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Crowley, a psychotherapist, and Elster, a small-business expert, describe themselves as "undercover business therapists." Their main message is a common one in therapy: You can’t change other people’s behavior, but you can change your reactions to that behavior. "If you can change your reaction," they write, "then you can change your life."
Off The Hook
The way to do this, they explain, is by "unhooking." Signs that one is "hooked" in a situation, according to the authors, manifest in different ways. Physical indications may include headaches, fatigue or simply clenched teeth. Emotional reactions range from anger and fear to depression and despair. Finally, mental responses run the gamut from forgetfulness to revenge fantasies.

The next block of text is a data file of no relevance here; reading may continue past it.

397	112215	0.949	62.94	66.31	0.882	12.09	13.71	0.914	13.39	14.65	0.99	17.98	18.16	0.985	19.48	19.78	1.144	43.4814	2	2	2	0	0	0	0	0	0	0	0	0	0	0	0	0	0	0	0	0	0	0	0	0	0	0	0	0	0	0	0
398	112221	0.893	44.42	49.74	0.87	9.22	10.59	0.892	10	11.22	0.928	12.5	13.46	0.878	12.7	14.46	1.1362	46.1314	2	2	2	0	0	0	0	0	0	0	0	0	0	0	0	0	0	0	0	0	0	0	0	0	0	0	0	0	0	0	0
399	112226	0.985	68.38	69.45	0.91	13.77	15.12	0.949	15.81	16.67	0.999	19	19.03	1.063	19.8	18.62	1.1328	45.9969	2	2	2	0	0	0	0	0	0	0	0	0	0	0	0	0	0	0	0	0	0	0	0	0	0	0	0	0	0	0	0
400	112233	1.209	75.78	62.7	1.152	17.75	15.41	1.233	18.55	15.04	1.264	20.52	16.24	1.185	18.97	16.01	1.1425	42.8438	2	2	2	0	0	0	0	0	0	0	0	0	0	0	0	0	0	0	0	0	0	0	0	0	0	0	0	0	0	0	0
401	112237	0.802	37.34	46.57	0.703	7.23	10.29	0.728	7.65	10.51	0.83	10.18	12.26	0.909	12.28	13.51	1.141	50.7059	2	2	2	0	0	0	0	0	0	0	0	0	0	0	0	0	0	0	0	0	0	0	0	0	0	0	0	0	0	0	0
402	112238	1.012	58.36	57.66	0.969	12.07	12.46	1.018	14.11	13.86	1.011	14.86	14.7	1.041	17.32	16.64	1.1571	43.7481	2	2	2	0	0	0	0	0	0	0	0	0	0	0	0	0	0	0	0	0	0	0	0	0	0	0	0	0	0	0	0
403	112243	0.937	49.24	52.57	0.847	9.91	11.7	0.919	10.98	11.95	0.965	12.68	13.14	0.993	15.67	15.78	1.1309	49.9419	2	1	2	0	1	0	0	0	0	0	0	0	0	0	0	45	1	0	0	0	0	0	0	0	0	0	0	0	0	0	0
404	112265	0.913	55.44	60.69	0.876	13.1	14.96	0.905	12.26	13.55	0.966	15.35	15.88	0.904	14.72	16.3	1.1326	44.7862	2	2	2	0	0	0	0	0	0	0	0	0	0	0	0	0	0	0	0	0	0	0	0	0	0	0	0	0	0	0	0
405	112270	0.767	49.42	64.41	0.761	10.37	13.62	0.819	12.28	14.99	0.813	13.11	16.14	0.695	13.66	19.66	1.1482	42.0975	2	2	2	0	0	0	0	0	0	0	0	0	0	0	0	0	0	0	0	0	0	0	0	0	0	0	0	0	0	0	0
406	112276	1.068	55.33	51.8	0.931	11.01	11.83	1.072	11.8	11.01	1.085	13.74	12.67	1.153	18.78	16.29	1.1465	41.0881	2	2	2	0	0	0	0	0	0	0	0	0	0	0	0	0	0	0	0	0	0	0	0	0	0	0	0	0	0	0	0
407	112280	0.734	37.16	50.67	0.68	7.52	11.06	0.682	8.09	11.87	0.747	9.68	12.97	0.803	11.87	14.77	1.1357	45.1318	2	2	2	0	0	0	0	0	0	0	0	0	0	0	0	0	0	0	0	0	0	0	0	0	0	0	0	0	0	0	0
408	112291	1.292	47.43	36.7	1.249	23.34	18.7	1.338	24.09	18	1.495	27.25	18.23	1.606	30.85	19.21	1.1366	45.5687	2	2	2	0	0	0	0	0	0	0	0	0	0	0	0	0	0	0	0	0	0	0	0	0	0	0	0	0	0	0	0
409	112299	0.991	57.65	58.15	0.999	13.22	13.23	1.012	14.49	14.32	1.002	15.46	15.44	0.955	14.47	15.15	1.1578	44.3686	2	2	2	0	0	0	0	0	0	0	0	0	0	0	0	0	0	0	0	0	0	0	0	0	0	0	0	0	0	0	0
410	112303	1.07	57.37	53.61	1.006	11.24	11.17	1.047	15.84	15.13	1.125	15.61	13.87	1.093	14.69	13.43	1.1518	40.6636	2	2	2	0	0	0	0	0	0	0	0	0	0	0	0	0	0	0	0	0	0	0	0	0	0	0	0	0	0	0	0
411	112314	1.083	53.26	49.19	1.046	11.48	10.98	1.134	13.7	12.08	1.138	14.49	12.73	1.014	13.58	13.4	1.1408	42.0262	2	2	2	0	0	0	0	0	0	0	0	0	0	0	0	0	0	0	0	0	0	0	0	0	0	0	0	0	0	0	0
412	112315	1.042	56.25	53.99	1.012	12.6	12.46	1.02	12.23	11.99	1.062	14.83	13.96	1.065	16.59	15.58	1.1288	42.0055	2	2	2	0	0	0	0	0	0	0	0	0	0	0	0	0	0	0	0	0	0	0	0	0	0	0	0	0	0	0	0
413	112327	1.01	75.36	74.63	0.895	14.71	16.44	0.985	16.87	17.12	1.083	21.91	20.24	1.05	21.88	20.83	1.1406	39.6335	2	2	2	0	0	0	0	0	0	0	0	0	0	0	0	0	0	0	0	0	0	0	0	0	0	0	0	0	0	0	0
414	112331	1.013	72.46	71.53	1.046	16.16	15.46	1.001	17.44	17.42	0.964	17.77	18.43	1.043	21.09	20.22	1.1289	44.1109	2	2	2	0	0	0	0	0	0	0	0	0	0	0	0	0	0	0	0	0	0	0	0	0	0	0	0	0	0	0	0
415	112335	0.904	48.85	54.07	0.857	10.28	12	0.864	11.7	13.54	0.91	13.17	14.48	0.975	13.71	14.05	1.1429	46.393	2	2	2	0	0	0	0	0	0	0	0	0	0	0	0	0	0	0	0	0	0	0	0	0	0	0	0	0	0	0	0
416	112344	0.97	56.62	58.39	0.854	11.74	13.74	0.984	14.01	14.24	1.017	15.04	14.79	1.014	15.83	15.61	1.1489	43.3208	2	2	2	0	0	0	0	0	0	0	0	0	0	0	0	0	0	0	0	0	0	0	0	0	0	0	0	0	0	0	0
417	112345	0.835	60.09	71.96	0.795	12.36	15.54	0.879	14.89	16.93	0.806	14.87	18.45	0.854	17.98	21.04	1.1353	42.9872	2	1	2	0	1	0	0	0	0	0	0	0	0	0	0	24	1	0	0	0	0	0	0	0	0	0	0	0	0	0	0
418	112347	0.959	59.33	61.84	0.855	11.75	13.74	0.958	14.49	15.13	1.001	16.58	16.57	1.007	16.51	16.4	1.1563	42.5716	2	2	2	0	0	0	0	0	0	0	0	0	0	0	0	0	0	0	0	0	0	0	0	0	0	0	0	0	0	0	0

To combat this, they offer a "Four-Pronged Unhooking Technique." The first step is to disengage yourself physically. This can be as simple as going to the restroom and splashing water on your face or getting up and taking a walk. Removing yourself mentally is the next phase. The goal, say the authors, "is to view your circumstances objectively and see what practical options are available."
Once the proper perspective has been achieved, you can determine the best way to "unhook verbally." This involves finding the right thing to say and the right way to say it. In some situations, it may mean not saying anything at all.
Finally, readers are advised to "unhook with a business tool." Examples of this include sending a confirmation e-mail or making a change to company policy.
Putting It Into Practice